This paper, delivered at the Vaisnava Academy Conference, Wiesbaden, Germany, in January 1994 yea,r marks a watershed in the development of ISKCON in Germany -� a 'coming out' of ISKCON into German society. This paper was the keynote speech at the conference and represents an honest attempt to address the issues and concerns of the German people and to explain how ISKCON has started to reassess its attitudes and practices in light of these concerns. It also acts as an example of how an ISKCON community has acted to change a twenty-five year history of mutual misunderstanding and hostility to serve as a basis for dialogue and respect.
Introduction Twenty-five years ago, the first Hare Krsna temple was opened in Germany. At that time Hare Krsna in Germany meant a small group of idealists, dropouts and India fans. Now that we have grown into a multifaceted society, we have been forced to reconsider our self-perception and public image. Bridging the cultural gap, social integration and inter-religious dialogue are just some of the challenges we face.�����
This conference is a milestone in the development of ISKCON Germany. For the first time we are opening a public forum and we hope it can serve as a symbol for a new and better relationship between ISKCON and the German public based on mutual respect and understanding, and real co-operation.�����
We have learned a lot since the early days of ISKCON, but still have a long way to go. In retrospect, we need to recognise that we have made grave mistakes in our treatment of the public in general and families and public institutions in particular. These mistakes arose primarily from youthful immaturity, deficient philosophical understanding and difficulties in communication on the part of our members as they sought to attain integration into a society that not only considered them to be outsiders, but also treated them as such.�����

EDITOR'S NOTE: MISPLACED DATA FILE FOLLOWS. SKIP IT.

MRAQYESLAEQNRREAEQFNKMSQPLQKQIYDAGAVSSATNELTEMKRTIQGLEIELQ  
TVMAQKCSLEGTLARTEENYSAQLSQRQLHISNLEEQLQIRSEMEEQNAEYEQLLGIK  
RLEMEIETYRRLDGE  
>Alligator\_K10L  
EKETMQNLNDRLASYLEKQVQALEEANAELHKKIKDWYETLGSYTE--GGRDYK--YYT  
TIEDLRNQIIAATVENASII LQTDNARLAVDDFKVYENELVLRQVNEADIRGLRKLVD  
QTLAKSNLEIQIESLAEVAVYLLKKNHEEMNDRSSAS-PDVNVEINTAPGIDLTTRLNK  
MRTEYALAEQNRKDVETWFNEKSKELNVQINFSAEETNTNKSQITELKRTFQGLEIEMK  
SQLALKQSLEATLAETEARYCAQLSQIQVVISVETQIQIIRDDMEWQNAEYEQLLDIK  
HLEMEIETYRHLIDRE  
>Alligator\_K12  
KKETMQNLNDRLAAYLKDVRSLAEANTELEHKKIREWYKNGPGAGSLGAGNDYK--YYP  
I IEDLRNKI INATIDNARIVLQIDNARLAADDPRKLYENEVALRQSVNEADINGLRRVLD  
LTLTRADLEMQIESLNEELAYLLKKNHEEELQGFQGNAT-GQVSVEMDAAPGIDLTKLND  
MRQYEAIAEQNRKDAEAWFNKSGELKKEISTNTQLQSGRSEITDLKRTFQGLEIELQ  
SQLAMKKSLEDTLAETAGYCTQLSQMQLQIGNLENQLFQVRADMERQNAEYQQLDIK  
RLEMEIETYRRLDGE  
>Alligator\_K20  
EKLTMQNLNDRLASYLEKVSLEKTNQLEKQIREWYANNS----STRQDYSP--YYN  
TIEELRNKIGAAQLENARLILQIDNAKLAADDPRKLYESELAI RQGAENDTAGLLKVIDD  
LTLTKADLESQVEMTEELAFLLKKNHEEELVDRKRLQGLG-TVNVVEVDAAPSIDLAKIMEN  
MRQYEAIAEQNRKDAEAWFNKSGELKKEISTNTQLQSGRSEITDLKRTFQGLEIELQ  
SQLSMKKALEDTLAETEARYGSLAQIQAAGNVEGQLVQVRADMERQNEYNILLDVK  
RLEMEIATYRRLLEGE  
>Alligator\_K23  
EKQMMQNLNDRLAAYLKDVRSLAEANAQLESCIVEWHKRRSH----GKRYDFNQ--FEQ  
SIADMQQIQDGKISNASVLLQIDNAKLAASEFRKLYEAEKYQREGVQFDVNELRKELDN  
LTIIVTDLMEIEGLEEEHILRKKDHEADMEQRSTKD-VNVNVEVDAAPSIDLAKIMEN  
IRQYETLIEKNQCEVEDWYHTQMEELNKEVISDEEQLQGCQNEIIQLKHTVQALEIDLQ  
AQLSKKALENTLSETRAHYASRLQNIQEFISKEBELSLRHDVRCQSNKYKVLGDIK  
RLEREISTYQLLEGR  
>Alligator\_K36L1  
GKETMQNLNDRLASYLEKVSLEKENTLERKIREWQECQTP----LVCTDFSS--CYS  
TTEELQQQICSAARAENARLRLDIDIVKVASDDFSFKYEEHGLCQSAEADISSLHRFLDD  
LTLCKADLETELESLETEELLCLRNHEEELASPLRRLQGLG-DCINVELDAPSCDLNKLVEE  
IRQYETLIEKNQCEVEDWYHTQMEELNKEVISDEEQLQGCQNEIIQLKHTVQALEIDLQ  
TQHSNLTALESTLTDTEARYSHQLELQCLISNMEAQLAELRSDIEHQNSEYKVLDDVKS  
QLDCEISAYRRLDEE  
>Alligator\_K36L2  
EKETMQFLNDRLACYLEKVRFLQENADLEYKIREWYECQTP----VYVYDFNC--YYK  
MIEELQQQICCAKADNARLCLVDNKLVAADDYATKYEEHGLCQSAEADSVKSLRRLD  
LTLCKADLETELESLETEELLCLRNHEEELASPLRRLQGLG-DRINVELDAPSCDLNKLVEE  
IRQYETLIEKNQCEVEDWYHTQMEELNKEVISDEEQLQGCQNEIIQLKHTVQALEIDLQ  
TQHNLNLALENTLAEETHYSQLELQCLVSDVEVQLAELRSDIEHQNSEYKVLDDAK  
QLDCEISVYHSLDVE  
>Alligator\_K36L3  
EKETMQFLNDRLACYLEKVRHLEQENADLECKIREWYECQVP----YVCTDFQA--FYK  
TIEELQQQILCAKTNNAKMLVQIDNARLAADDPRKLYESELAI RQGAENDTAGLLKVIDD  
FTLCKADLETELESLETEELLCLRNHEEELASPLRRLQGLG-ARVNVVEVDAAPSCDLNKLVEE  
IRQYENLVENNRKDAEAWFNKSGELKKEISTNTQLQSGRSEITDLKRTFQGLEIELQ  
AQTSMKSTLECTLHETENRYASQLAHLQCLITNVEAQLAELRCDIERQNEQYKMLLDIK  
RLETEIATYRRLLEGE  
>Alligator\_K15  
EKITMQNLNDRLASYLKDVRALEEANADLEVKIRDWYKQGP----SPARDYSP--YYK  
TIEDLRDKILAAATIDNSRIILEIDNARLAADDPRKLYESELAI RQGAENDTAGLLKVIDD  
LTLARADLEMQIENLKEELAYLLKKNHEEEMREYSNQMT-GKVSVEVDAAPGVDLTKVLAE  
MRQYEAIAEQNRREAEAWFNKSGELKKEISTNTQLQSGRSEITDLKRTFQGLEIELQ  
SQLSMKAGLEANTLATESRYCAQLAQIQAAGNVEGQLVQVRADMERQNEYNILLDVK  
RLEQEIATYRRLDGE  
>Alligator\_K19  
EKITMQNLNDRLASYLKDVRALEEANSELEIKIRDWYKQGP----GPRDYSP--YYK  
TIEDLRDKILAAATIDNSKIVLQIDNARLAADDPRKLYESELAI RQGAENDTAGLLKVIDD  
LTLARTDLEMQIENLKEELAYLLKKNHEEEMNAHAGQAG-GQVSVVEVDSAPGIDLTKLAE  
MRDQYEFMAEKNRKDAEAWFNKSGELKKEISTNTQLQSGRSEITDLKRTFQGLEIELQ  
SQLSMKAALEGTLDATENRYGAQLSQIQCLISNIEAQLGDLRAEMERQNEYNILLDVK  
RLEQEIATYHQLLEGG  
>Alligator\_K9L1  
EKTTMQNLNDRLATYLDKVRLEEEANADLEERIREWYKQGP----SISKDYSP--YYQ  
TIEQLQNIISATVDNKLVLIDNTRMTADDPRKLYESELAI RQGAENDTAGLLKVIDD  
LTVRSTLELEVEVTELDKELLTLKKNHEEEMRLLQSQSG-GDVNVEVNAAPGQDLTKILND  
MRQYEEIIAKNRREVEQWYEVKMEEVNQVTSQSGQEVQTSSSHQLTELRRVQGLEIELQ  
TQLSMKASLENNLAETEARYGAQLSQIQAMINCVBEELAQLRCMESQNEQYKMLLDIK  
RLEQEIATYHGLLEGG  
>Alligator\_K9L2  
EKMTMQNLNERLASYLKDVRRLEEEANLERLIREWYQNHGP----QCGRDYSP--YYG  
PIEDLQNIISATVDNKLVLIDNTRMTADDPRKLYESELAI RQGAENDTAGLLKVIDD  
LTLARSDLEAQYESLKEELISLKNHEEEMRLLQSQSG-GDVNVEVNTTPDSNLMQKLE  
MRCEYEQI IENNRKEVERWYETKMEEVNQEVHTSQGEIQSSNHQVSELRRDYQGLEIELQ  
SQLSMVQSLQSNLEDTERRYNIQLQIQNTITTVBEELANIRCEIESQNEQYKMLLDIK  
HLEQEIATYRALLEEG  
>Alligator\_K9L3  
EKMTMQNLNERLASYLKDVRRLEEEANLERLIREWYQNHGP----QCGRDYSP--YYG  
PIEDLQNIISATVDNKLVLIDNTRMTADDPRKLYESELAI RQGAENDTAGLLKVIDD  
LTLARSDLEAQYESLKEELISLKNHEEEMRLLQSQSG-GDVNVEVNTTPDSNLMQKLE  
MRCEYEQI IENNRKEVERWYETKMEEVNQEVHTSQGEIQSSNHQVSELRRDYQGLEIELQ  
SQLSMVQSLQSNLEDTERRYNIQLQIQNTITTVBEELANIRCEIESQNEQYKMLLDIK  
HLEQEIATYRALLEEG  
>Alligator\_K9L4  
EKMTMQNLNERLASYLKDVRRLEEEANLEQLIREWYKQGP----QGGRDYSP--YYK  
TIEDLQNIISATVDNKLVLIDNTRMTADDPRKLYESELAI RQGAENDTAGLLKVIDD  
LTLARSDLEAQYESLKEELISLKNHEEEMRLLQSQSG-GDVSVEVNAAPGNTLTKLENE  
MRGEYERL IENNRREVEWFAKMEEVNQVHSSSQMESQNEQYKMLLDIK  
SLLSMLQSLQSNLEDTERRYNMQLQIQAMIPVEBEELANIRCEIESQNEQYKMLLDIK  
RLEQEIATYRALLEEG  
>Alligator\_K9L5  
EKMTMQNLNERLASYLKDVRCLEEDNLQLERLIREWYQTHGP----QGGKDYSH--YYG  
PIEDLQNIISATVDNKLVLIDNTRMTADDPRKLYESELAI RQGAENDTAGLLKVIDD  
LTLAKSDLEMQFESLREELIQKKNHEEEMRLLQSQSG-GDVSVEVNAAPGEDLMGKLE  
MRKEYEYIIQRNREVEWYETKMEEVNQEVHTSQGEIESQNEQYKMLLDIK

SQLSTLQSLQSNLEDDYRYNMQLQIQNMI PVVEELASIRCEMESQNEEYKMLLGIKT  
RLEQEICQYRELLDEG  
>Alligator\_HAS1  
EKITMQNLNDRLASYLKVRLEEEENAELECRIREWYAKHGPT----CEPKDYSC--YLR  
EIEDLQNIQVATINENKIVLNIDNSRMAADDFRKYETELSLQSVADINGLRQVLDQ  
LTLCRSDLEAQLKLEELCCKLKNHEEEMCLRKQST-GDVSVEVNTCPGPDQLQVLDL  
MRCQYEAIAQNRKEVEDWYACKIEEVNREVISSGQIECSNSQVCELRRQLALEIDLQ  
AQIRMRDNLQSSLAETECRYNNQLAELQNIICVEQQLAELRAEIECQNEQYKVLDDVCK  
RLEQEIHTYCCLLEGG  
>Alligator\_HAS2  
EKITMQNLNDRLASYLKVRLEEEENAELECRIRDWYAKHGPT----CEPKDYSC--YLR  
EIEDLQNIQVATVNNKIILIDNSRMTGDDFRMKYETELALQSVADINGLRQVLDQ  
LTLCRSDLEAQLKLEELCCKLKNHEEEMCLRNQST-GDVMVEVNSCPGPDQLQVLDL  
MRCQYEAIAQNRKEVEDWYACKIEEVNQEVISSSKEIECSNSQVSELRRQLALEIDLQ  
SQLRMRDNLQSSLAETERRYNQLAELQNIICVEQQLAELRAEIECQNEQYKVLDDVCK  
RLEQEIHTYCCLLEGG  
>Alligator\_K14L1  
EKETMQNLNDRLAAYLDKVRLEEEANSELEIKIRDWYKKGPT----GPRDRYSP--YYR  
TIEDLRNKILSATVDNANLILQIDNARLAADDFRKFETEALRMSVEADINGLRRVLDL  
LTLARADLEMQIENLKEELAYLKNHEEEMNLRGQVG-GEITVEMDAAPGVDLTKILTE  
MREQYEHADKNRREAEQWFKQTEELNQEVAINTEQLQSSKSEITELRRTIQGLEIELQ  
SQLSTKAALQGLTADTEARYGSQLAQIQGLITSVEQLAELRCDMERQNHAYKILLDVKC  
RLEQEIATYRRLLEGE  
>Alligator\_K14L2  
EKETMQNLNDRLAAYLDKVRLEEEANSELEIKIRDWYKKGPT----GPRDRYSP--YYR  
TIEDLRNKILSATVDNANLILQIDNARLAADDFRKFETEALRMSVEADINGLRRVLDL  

We regret these mistakes wholeheartedly and are sincerely endeavouring not to repeat them.� In my speech, I would like to elaborate on the role that ISKCON sees for itself today and the response it gives to certain important questions. We hope that our ideas can serve as a basis for discussion and open the door for further constructive communication.
ISKCON is a cultural movement for the re-spiritualisation of society, its goal being to contribute positively to the areas of religion, culture, social development and education.�� It is part of the ancient Vaisnava tradition, and is based on the Bhakti-scriptures (especially the Bhagavad-gita, Bhagavata Purana, etc.). Vaishnavism is considered to be the most popular of all of India's religious traditions, categorised under the generic term 'Hinduism'.�����